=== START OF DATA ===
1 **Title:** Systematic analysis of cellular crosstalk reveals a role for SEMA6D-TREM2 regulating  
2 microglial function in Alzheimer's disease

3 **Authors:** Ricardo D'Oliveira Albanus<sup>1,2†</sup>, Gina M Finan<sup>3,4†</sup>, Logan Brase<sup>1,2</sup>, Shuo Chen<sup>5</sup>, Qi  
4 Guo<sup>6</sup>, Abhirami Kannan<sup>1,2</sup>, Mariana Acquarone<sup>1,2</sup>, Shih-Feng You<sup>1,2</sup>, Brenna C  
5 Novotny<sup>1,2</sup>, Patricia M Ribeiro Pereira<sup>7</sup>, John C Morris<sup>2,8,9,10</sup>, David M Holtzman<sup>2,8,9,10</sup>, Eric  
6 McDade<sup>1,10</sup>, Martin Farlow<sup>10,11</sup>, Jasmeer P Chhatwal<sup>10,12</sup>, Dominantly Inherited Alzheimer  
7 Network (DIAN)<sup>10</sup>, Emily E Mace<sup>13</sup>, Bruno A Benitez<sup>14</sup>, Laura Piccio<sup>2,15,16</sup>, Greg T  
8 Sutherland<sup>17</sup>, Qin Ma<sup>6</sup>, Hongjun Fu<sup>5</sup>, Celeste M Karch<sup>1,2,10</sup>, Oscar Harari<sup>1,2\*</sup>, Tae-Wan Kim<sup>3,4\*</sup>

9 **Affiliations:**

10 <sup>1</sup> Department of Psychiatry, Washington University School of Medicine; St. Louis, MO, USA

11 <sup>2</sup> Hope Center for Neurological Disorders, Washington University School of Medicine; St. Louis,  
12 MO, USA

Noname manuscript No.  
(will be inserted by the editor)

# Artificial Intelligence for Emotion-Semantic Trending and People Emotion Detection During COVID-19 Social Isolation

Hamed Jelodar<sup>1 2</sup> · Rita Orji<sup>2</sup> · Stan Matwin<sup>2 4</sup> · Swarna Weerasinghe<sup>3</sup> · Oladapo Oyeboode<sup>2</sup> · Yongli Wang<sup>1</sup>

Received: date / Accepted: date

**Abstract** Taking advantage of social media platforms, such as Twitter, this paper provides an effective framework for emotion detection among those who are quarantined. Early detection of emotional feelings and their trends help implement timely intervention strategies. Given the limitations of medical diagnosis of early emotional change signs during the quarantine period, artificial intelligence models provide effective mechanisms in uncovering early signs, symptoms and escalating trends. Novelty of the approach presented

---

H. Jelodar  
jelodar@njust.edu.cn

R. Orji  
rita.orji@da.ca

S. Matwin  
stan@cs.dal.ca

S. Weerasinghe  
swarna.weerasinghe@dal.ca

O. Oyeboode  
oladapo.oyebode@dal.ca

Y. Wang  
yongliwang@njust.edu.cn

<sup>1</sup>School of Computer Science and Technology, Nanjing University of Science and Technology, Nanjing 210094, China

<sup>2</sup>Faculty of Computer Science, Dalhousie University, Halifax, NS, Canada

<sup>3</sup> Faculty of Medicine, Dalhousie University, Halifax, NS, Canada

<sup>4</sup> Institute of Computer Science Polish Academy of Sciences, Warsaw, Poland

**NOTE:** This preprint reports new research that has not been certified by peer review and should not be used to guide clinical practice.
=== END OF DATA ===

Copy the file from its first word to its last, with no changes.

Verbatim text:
1 **Title:** Systematic analysis of cellular crosstalk reveals a role for SEMA6D-TREM2 regulating  
2 microglial function in Alzheimer's disease

3 **Authors:** Ricardo D'Oliveira Albanus<sup>1,2†</sup>, Gina M Finan<sup>3,4†</sup>, Logan Brase<sup>1,2</sup>, Shuo Chen<sup>5</sup>, Qi  
4 Guo<sup>6</sup>, Abhirami Kannan<sup>1,2</sup>, Mariana Acquarone<sup>1,2</sup>, Shih-Feng You<sup>1,2</sup>, Brenna C  
5 Novotny<sup>1,2</sup>, Patricia M Ribeiro Pereira<sup>7</sup>, John C Morris<sup>2,8,9,10</sup>, David M Holtzman<sup>2,8,9,10</sup>, Eric  
6 McDade<sup>1,10</sup>, Martin Farlow<sup>10,11</sup>, Jasmeer P Chhatwal<sup>10,12</sup>, Dominantly Inherited Alzheimer  
7 Network (DIAN)<sup>10</sup>, Emily E Mace<sup>13</sup>, Bruno A Benitez<sup>14</sup>, Laura Piccio<sup>2,15,16</sup>, Greg T  
8 Sutherland<sup>17</sup>, Qin Ma<sup>6</sup>, Hongjun Fu<sup>5</sup>, Celeste M Karch<sup>1,2,10</sup>, Oscar Harari<sup>1,2\*</sup>, Tae-Wan Kim<sup>3,4\*</sup>

9 **Affiliations:**

10 <sup>1</sup> Department of Psychiatry, Washington University School of Medicine; St. Louis, MO, USA

11 <sup>2</sup> Hope Center for Neurological Disorders, Washington University School of Medicine; St. Louis,  
12 MO, USA

Noname manuscript No.  
(will be inserted by the editor)

# Artificial Intelligence for Emotion-Semantic Trending and People Emotion Detection During COVID-19 Social Isolation

Hamed Jelodar<sup>1 2</sup> · Rita Orji<sup>2</sup> · Stan Matwin<sup>2 4</sup> · Swarna Weerasinghe<sup>3</sup> · Oladapo Oyeboode<sup>2</sup> · Yongli Wang<sup>1</sup>

Received: date / Accepted: date

**Abstract** Taking advantage of social media platforms, such as Twitter, this paper provides an effective framework for emotion detection among those who are quarantined. Early detection of emotional feelings and their trends help implement timely intervention strategies. Given the limitations of medical diagnosis of early emotional change signs during the quarantine period, artificial intelligence models provide effective mechanisms in uncovering early signs, symptoms and escalating trends. Novelty of the approach presented

---

H. Jelodar  
jelodar@njust.edu.cn

R. Orji  
rita.orji@da.ca

S. Matwin  
stan@cs.dal.ca

S. Weerasinghe  
swarna.weerasinghe@dal.ca

O. Oyeboode  
oladapo.oyebode@dal.ca

Y. Wang  
yongliwang@njust.edu.cn

<sup>1</sup>School of Computer Science and Technology, Nanjing University of Science and Technology, Nanjing 210094, China

<sup>2</sup>Faculty of Computer Science, Dalhousie University, Halifax, NS, Canada

<sup>3</sup> Faculty of Medicine, Dalhousie University, Halifax, NS, Canada

<sup>4</sup> Institute of Computer Science Polish Academy of Sciences, Warsaw, Poland

**NOTE:** This preprint reports new research that has not been certified by peer review and should not be used to guide clinical practice.